According to a new study, while most American Evangelicals do not identify as Pentecostal or Charismatic, about a quarter say they have spoken in tongues.
The study, titled “The Renewalists: Pentecostal and Charismatic Evangelicals,” was released last week by Infinity Concepts and Grey Matter Research. It includes the responses of over 1,000 American Evangelicals.
According to The Christian Post, 60 per cent of respondents who say they have spoken in tongues do not identify as Pentecostal or Charismatic. Further, 53 per cent of self-identifying Pentecostals or Charismatics reported that they do not attend a Pentecostal or Charismatic church.
To fully understand the study, Mark Dreistadt, the founder and president of Infinity Concepts, highlighted the importance of understanding the term “Renewalist Evangelical.”
“Three main ways of defining Renewalists traditionally have been people who consider themselves to be Pentecostal or Charismatic, attend a Pentecostal or Charismatic church, or speak in tongues,” Dreistadt said in a statement. “The challenge is that there is relatively little overlap among these three definitions.”
According to the study, over 3 in 10 (36 per cent) American Evangelical Protestants fit into at least one definition of a Renewalists, while just 6 per cent fall within all three definitions.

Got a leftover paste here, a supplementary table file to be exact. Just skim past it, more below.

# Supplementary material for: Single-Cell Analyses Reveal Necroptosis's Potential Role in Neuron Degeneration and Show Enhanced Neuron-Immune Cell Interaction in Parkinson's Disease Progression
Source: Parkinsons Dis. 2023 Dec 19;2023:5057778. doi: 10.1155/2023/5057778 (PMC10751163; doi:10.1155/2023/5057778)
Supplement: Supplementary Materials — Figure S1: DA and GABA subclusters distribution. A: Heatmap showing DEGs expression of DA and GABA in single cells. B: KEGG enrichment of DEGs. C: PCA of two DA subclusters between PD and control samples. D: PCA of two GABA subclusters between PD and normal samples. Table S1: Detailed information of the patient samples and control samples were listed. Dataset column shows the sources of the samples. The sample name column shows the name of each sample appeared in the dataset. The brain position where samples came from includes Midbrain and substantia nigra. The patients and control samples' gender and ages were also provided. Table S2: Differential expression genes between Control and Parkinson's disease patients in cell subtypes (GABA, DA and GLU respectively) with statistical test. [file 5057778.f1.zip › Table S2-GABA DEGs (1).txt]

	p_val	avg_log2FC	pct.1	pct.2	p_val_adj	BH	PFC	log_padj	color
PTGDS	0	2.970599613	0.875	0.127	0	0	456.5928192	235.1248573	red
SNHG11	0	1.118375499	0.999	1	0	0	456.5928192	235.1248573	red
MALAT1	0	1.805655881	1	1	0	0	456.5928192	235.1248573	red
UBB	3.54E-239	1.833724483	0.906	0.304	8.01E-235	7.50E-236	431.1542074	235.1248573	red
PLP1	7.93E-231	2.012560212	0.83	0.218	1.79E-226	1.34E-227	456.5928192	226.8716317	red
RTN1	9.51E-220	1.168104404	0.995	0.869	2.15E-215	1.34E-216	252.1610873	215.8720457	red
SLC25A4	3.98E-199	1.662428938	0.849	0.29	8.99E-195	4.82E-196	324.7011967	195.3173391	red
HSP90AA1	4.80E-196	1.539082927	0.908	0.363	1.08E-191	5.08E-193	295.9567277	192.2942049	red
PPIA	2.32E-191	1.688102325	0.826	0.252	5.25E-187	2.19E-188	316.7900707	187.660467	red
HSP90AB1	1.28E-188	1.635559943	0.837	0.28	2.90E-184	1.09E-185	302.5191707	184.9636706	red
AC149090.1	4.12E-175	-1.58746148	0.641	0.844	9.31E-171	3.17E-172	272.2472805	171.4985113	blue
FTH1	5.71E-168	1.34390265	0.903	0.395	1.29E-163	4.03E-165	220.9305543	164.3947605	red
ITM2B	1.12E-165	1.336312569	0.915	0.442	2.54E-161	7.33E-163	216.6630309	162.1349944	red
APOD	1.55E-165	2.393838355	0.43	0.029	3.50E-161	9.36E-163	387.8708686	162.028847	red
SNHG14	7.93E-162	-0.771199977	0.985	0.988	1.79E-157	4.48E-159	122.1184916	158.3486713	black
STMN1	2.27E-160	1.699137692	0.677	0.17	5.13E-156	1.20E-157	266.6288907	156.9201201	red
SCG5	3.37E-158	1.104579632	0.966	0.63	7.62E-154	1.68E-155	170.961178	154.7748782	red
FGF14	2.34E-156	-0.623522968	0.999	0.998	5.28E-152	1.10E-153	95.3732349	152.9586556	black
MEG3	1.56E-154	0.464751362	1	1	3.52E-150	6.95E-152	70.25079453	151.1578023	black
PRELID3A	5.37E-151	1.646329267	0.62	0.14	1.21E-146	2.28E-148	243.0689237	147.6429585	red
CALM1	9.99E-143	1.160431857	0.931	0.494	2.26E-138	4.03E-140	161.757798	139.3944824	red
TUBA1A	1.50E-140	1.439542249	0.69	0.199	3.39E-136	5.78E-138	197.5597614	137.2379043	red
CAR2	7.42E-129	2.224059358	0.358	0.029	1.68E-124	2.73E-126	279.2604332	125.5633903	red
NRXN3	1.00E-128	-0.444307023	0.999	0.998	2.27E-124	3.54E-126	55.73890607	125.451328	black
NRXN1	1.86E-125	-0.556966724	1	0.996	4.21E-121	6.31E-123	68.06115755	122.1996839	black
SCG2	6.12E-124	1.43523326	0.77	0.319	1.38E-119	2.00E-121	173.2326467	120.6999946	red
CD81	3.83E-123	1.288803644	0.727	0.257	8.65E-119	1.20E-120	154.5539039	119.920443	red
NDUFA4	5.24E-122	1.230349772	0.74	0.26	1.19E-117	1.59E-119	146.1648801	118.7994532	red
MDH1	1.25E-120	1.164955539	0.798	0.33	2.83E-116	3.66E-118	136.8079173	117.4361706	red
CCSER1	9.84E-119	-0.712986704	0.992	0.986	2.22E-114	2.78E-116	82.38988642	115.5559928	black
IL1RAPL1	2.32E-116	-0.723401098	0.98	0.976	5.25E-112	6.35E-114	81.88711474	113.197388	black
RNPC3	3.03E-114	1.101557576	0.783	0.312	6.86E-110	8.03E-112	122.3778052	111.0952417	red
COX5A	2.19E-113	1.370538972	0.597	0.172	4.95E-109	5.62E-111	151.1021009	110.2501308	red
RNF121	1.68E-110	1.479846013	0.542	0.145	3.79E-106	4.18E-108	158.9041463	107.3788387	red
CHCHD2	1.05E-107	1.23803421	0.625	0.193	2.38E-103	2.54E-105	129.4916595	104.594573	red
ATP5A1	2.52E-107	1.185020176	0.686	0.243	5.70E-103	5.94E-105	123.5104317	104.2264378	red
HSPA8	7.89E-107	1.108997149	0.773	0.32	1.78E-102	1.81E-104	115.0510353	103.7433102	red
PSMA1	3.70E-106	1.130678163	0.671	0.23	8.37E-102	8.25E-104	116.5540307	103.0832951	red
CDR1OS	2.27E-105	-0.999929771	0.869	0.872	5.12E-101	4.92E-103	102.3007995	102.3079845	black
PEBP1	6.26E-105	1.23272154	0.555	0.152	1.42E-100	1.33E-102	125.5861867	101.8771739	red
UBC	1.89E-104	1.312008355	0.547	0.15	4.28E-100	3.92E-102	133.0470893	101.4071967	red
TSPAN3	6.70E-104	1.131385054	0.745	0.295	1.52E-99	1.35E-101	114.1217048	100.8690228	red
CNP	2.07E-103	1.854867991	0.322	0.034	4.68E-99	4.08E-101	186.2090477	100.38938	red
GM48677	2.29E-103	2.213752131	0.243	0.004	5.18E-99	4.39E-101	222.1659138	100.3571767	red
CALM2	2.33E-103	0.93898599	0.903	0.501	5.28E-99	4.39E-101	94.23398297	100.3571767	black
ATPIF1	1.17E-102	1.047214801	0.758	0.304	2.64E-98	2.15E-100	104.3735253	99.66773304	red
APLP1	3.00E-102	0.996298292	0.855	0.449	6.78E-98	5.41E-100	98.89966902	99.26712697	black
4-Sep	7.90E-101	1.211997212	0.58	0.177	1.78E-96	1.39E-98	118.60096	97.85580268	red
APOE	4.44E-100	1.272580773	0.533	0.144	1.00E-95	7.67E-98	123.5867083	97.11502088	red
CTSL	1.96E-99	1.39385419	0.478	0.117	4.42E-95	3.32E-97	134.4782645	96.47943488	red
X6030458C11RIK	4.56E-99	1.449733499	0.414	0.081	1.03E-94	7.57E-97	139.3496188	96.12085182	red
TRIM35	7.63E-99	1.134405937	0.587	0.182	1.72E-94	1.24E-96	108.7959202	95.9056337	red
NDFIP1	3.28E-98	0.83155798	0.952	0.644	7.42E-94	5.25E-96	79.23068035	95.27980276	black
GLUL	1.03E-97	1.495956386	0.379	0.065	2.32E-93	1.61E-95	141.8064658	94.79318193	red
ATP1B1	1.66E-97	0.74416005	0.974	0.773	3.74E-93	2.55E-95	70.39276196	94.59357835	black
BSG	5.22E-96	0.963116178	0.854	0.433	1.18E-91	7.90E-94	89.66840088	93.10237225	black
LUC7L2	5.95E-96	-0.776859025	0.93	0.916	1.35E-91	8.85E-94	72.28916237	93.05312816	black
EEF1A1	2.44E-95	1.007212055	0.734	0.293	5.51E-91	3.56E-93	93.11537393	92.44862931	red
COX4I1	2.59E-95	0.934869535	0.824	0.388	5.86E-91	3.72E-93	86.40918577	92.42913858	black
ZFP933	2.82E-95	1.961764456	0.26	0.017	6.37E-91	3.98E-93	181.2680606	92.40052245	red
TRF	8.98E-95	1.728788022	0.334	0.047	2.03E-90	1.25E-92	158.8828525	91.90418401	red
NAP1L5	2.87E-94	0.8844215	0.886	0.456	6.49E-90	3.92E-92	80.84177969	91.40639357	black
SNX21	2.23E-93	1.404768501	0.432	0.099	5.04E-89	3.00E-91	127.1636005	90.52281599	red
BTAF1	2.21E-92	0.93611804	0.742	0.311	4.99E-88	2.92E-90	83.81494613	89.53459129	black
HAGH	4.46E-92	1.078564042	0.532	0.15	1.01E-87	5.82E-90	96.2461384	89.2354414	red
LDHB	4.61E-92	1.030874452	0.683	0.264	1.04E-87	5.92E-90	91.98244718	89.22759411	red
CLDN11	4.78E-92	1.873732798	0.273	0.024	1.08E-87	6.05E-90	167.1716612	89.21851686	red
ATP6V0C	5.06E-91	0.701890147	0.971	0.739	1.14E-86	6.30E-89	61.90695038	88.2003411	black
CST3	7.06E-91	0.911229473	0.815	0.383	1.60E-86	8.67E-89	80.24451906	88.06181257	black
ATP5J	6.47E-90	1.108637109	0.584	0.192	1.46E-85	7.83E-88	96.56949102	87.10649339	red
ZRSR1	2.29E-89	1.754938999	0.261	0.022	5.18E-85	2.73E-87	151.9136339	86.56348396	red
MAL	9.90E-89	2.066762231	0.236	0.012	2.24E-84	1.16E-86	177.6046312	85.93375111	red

The study does not offer a formal denominational definition for Renewalists, but according to The Christian Post, baptism and the empowerment of the Holy Spirit are central tenets of the group.
The study also revealed that 45 per cent of American Evangelicals have never personally experienced speaking in tongues despite attending a Pentecostal church.
The study also found that Renewalists have a higher level of spiritual engagement than other Evangelical groups, including higher levels of Bible readership, small group participation and church attendance.
Furthermore, it determined that Renewalists tend to be younger than those belonging to other Evangelical groups, are more ethnically diverse, more likely to be raising children and more likely to live in parts of the U.S. that are less traditionally Christian.